Both RCCL and Carnival Corp. have written down their investments in Spanish cruise lines, based on a bleak forecast for future revenue growth. Those lines are looking outside Spain for passengers. In one example, Pullmantur will use the Monarch of the Seas, recently transferred from Royal Caribbean International, to offer southern Caribbean cruises to Latin Americans.
But the picture is far from uniform. Demand in Germany and much of northern Europe remains healthy.
Beyond Spain, Royal has indicated that the U.K., Europe’s top cruise market, is weaker than expected. Carnival officials said in March that economic uncertainty in Italy was hurting confidence in that country, Europe’s third-largest cruise market.
“With the situation with the [Italian] government basically in a stalemate, that’s not helping either,” Arison said.
However, in late February, Carnival reported a “significant uptick” in European brands’ bookings, and Royal officials said they saw “meaningful demand” from European source markets.
But Carnival also said that was partly in response to pricing actions taken in Germany and the U.K. to maintain full occupancy. Overall, prices and occupancies remain lower year over year for European cruises, Carnival said.
RCCL Vice Chairman Brian Rice said that Royal’s strategy is to divert capacity from Europe to other markets such as the Caribbean and Asia so that prices hold up even if demand is weak.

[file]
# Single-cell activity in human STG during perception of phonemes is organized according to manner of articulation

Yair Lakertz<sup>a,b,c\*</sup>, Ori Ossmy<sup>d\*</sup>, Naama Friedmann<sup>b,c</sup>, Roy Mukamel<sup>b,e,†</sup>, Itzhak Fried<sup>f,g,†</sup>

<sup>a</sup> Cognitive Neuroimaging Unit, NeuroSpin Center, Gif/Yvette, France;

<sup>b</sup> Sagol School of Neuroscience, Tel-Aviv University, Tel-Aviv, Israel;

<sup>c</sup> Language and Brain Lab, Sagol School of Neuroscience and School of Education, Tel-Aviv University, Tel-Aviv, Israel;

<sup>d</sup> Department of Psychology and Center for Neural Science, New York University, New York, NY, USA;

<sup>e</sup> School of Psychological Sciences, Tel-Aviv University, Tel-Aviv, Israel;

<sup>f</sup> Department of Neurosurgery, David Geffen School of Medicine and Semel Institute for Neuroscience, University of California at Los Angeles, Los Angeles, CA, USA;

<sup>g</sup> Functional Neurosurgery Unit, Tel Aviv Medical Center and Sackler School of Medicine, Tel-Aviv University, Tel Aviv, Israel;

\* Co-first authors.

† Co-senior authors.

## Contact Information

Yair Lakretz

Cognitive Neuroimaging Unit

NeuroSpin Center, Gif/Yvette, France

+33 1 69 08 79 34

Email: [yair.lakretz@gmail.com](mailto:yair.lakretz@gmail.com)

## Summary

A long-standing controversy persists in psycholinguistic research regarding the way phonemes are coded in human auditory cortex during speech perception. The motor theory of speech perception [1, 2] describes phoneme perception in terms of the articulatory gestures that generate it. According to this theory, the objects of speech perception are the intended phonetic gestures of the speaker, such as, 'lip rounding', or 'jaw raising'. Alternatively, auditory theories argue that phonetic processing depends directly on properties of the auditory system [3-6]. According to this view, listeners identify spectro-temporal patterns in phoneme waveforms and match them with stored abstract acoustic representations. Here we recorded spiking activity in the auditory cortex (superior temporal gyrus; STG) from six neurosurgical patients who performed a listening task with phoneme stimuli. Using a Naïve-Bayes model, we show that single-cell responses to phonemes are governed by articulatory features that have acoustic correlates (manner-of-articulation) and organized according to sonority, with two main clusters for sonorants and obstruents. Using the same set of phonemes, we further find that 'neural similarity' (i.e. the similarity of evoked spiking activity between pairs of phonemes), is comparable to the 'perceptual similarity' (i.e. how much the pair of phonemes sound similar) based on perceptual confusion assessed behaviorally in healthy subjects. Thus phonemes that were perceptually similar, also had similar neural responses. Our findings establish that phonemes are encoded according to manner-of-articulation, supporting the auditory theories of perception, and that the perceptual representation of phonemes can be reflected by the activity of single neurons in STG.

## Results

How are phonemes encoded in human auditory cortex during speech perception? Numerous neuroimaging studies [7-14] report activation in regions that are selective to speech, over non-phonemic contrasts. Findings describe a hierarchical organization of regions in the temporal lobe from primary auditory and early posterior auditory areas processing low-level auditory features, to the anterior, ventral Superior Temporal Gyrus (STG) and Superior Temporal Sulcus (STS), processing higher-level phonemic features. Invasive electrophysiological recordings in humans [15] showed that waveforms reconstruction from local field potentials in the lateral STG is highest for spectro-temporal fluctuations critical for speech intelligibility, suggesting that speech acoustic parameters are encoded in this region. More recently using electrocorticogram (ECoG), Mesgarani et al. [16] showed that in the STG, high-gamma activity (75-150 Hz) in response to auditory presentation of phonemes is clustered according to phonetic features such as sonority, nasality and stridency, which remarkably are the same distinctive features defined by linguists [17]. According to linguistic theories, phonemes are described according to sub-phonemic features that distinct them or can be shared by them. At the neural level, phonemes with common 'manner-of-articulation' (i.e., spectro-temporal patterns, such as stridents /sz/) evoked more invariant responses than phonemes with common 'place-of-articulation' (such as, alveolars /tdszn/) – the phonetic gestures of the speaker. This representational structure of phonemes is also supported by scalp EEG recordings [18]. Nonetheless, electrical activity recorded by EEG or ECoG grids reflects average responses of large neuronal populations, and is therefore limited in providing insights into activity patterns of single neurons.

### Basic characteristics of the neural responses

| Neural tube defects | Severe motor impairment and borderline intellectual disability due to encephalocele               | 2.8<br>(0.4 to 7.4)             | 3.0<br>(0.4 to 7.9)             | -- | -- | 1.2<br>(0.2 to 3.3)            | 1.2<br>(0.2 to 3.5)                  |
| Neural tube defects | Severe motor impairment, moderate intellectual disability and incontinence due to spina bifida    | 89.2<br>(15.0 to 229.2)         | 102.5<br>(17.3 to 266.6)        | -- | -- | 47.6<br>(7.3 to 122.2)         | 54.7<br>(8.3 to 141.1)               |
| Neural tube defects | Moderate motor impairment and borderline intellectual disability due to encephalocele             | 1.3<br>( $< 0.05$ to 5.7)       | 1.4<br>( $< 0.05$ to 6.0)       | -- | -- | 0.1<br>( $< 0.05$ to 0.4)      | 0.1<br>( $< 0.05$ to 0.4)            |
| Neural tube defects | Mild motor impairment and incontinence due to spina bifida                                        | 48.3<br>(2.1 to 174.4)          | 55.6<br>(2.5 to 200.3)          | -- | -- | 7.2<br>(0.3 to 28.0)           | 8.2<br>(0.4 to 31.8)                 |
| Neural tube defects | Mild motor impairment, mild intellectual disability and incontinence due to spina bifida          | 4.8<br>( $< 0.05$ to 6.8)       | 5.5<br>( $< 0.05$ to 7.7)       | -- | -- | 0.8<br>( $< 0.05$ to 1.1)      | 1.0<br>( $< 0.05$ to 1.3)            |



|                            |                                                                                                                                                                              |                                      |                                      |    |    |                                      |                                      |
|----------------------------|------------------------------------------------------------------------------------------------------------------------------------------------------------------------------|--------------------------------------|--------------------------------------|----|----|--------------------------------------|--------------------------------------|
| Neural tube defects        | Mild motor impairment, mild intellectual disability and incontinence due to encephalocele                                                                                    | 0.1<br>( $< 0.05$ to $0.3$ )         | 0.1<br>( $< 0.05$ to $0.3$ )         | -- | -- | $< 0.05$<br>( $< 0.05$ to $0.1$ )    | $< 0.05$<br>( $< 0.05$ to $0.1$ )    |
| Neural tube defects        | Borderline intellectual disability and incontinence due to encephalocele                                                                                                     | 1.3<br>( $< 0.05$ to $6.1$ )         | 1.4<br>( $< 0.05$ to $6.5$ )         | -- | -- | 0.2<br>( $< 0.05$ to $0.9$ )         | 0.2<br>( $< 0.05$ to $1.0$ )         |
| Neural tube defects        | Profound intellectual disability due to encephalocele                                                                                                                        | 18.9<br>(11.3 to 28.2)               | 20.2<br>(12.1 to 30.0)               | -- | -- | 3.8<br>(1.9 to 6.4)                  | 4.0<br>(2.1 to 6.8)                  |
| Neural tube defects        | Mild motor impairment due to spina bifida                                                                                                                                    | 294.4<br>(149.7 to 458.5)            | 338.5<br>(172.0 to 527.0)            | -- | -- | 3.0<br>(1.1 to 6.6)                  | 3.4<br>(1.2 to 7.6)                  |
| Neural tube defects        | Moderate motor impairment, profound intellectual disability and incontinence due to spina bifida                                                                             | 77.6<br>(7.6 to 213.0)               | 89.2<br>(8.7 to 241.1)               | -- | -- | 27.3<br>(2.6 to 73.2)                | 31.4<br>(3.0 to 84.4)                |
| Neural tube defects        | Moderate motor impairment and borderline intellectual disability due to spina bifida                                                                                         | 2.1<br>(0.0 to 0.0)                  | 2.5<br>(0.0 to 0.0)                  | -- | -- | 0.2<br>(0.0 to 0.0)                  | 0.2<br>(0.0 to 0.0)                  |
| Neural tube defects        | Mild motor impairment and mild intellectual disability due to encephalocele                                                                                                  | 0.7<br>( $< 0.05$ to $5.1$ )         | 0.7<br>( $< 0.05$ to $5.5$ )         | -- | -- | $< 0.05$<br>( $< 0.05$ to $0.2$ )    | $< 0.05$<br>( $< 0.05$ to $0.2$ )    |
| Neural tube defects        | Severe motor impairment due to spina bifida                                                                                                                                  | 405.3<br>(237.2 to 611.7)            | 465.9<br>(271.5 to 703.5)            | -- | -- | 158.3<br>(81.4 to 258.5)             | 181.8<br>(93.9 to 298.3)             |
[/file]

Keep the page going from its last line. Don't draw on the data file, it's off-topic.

“We are happy that we took 10% of our capacity out of Europe this year,” Rice said. “We are dealing with an easy comparable [and] we think we are in a good place in terms of our capacity relative to what the market condition is right now.”
From that perspective, Royal’s forecast for European business is a little stronger than what the economy there would predict, he said.
“We view Europe as slightly better than we did three months ago,” Rice said. “But we’re not ready to declare victory there and say that that is the new treasure chest of the industry.”
Despite the current difficulties, there are good reasons for the cruise industry to stick with a European deployment strategy, according to Robin Farley, a leisure analyst for UBS Securities.
In a recent report, she wrote that although European passenger growth was only 1% last year, it has averaged 10% over the past decade, more than double the rate for North America.
European cruises tend to be more profitable than those in North America, and only 1% of Europeans cruised last year, compared with 3.7% of North Americans, a sign of higher potential growth.
Still, Farley noted that the big winner in Europe this year might be Norwegian Cruise Line, because just 15% of its passenger base comes from outside North America.
“We believe Europe, longer term, is an important market for the cruise industry, given low penetration rates,” Farley said. “But 2013 is a good year to have limited exposure to European passenger sourcing.”
Follow Tom Stieghorst on Twitter @tstravelweekly.